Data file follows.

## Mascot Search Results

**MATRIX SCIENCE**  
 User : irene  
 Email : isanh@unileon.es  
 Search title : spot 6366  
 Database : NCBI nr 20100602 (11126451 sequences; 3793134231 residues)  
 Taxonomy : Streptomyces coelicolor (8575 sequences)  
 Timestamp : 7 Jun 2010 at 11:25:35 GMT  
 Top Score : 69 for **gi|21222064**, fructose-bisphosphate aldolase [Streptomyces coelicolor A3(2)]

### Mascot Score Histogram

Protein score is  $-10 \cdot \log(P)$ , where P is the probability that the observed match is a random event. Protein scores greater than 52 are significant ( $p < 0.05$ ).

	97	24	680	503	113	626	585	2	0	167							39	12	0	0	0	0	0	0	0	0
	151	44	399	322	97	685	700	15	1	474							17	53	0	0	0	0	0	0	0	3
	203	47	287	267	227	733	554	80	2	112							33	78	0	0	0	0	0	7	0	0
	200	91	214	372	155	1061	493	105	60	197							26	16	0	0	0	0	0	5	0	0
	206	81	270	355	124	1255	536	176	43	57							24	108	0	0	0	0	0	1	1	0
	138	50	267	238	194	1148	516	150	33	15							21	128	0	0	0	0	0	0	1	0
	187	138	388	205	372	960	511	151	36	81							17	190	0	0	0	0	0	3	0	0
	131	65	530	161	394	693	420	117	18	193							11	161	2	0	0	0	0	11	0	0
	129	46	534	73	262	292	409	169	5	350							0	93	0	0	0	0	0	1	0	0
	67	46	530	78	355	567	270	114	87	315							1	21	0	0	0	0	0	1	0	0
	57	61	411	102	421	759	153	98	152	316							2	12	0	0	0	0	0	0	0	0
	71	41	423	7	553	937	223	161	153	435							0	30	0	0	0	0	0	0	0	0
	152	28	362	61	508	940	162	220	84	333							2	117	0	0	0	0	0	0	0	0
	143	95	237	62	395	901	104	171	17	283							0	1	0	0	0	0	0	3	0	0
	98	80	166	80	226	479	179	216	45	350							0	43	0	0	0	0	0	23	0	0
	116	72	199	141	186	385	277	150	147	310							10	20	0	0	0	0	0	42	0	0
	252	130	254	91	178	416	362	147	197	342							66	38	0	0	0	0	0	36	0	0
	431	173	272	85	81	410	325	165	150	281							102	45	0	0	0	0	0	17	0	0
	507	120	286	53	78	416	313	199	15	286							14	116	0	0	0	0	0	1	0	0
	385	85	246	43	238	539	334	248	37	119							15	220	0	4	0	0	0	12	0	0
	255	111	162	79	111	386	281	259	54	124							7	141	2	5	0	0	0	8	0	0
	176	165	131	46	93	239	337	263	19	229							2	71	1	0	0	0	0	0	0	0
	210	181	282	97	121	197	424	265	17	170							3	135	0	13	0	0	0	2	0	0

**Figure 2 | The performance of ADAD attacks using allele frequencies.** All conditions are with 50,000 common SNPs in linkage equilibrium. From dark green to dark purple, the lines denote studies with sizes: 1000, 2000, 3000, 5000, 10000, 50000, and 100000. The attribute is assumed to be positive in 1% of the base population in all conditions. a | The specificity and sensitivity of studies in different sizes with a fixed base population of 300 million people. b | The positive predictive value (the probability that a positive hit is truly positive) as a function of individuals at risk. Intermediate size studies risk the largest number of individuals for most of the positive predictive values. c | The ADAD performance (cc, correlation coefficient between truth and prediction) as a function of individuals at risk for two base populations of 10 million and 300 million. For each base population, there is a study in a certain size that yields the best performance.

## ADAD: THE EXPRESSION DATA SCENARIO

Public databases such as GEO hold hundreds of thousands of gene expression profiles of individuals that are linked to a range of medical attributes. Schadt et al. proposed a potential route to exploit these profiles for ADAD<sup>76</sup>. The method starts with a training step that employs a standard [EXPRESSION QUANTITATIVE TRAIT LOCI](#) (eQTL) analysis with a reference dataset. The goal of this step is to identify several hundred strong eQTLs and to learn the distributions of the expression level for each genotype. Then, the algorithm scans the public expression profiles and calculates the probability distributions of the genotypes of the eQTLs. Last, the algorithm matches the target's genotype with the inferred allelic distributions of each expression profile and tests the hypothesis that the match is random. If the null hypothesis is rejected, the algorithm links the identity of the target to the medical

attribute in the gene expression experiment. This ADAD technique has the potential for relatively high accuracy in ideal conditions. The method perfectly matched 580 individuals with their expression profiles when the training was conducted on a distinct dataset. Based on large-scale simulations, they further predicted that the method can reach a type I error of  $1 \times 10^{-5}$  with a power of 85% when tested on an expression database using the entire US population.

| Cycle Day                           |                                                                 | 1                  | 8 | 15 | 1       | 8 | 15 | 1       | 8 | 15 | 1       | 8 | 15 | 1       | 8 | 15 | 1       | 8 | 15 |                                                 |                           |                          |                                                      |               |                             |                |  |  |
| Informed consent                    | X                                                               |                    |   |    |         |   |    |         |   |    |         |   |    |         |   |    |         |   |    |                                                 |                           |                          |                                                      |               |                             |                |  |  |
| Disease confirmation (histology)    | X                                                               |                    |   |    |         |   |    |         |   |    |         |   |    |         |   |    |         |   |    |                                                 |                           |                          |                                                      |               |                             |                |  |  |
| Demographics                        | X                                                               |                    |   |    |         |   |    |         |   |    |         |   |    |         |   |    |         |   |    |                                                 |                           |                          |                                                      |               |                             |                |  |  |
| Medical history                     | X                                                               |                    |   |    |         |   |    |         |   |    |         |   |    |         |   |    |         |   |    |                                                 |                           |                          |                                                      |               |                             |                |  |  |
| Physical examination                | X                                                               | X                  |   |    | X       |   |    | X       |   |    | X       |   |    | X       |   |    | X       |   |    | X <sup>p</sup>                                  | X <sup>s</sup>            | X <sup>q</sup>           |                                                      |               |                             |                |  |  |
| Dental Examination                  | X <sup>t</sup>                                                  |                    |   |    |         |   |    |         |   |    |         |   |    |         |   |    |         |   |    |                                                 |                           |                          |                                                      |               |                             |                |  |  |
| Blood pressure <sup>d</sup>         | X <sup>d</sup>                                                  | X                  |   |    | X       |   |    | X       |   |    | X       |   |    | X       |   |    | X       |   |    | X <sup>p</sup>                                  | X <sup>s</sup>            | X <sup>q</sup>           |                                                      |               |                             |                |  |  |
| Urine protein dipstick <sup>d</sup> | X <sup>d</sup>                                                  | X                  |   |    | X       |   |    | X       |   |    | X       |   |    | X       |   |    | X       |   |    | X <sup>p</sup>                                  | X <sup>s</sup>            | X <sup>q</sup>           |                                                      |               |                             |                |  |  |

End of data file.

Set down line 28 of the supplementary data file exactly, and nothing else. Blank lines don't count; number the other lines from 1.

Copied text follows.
	252	130	254	91	178	416	362	147	197	342							66	38	0	0	0	0	0	36	0	0